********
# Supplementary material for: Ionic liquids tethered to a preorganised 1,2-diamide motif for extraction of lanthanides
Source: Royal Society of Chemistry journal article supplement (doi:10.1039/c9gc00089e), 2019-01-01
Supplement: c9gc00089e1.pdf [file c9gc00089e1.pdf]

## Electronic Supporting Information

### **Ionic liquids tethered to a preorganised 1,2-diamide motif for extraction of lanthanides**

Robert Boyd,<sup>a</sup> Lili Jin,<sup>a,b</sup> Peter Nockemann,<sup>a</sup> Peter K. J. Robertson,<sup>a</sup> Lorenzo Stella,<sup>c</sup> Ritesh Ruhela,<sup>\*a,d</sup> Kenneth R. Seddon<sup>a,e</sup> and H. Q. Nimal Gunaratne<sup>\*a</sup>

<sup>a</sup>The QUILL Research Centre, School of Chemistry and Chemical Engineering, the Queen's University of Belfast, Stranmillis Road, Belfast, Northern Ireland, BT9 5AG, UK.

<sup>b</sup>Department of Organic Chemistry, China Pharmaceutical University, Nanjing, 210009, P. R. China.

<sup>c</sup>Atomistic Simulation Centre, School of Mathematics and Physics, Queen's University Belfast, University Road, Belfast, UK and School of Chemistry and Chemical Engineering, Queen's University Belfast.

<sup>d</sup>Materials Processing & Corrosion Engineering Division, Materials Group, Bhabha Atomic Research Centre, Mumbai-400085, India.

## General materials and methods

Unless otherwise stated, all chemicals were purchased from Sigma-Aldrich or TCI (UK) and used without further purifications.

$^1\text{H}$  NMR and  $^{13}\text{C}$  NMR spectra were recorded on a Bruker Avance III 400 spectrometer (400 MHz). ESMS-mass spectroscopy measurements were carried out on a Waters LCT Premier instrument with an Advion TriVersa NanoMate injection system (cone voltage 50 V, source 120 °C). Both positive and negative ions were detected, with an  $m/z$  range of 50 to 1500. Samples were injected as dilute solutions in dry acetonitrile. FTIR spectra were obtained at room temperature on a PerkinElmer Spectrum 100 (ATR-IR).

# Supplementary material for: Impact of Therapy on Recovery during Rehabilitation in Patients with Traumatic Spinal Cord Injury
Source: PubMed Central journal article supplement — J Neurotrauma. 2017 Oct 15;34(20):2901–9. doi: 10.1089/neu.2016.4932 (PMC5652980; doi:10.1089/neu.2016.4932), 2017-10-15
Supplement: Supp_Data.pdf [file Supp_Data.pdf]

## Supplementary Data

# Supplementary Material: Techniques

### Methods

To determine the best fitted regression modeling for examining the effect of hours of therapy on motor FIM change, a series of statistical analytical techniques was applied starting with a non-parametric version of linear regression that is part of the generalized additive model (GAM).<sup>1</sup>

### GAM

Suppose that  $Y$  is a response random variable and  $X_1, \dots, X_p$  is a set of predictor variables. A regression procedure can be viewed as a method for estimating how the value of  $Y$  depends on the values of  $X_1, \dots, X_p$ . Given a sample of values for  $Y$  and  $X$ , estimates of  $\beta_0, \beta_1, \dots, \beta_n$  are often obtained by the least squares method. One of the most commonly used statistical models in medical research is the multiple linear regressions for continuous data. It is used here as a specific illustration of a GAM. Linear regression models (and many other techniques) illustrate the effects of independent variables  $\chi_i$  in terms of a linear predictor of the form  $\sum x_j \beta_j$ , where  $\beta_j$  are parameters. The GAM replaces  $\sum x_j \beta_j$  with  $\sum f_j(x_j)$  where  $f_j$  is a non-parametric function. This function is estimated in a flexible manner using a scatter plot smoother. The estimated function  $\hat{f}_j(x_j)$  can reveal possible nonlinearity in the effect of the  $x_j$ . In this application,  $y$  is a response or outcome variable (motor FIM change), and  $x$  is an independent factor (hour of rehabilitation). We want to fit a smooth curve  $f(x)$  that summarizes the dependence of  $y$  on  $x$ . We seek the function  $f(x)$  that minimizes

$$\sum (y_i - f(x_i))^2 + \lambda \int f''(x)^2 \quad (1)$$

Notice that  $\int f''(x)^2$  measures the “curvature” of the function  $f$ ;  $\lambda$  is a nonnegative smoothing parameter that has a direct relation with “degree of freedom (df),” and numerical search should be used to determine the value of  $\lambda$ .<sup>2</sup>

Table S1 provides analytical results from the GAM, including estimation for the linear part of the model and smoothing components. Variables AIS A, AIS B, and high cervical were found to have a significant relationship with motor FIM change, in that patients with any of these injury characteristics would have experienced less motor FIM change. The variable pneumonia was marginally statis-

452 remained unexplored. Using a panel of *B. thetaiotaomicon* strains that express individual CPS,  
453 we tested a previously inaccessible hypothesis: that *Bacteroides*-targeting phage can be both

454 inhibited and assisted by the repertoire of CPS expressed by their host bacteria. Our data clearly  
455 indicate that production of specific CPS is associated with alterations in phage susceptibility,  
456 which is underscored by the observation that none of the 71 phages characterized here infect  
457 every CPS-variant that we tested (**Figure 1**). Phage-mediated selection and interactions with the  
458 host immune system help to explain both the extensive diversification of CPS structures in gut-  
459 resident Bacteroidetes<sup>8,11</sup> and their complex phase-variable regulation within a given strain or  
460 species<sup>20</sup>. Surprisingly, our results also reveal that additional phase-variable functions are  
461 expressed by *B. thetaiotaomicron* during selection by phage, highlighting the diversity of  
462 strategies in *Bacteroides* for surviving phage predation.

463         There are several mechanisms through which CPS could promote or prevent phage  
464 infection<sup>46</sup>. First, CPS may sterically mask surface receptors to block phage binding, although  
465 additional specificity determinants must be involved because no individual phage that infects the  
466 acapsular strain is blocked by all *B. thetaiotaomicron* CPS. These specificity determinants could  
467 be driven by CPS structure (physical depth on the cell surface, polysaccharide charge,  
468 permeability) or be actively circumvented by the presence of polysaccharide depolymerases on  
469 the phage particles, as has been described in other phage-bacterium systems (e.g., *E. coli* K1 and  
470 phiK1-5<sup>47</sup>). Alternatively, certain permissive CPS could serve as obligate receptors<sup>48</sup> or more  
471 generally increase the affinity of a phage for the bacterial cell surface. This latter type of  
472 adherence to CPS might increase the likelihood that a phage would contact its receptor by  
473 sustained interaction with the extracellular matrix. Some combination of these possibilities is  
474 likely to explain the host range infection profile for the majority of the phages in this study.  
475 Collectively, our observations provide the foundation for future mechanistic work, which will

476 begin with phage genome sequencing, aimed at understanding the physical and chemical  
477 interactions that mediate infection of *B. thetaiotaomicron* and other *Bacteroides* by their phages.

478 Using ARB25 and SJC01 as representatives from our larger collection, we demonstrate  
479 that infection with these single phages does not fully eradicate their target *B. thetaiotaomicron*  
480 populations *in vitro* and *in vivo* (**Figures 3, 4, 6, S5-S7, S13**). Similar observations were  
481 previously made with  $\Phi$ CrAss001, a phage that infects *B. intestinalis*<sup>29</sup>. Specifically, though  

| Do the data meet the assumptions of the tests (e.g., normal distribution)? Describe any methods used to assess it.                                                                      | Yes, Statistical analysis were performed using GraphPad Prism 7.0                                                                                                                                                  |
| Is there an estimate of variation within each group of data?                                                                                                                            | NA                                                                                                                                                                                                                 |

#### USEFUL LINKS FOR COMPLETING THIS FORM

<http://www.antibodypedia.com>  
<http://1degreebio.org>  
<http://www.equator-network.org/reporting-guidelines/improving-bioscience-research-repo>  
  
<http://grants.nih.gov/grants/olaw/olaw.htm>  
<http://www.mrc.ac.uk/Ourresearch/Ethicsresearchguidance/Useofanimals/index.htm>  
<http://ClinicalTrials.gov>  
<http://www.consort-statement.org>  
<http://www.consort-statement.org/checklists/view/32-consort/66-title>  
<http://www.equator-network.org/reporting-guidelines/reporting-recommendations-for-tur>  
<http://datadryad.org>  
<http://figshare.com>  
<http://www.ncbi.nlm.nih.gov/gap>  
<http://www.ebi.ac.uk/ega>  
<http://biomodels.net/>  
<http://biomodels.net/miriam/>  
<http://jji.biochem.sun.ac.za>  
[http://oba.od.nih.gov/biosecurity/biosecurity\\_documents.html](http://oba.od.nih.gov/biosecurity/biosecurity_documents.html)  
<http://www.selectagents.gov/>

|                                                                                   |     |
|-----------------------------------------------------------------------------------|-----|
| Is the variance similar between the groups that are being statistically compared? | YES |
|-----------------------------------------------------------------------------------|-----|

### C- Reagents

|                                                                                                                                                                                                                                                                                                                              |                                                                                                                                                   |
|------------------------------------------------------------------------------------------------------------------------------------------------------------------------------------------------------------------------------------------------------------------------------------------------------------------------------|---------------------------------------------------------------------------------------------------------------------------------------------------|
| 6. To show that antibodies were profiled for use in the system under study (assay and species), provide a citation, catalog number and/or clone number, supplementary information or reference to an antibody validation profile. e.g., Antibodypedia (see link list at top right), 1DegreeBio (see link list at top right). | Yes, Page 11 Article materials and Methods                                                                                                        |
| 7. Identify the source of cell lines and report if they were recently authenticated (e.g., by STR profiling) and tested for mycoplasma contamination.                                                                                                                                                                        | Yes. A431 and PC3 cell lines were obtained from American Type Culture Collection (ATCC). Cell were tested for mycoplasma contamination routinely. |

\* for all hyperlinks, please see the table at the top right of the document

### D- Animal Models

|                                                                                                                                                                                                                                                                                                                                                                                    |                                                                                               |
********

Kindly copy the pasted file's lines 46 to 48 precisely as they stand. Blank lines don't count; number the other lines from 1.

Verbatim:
472 adherence to CPS might increase the likelihood that a phage would contact its receptor by  
473 sustained interaction with the extracellular matrix. Some combination of these possibilities is  
474 likely to explain the host range infection profile for the majority of the phages in this study.  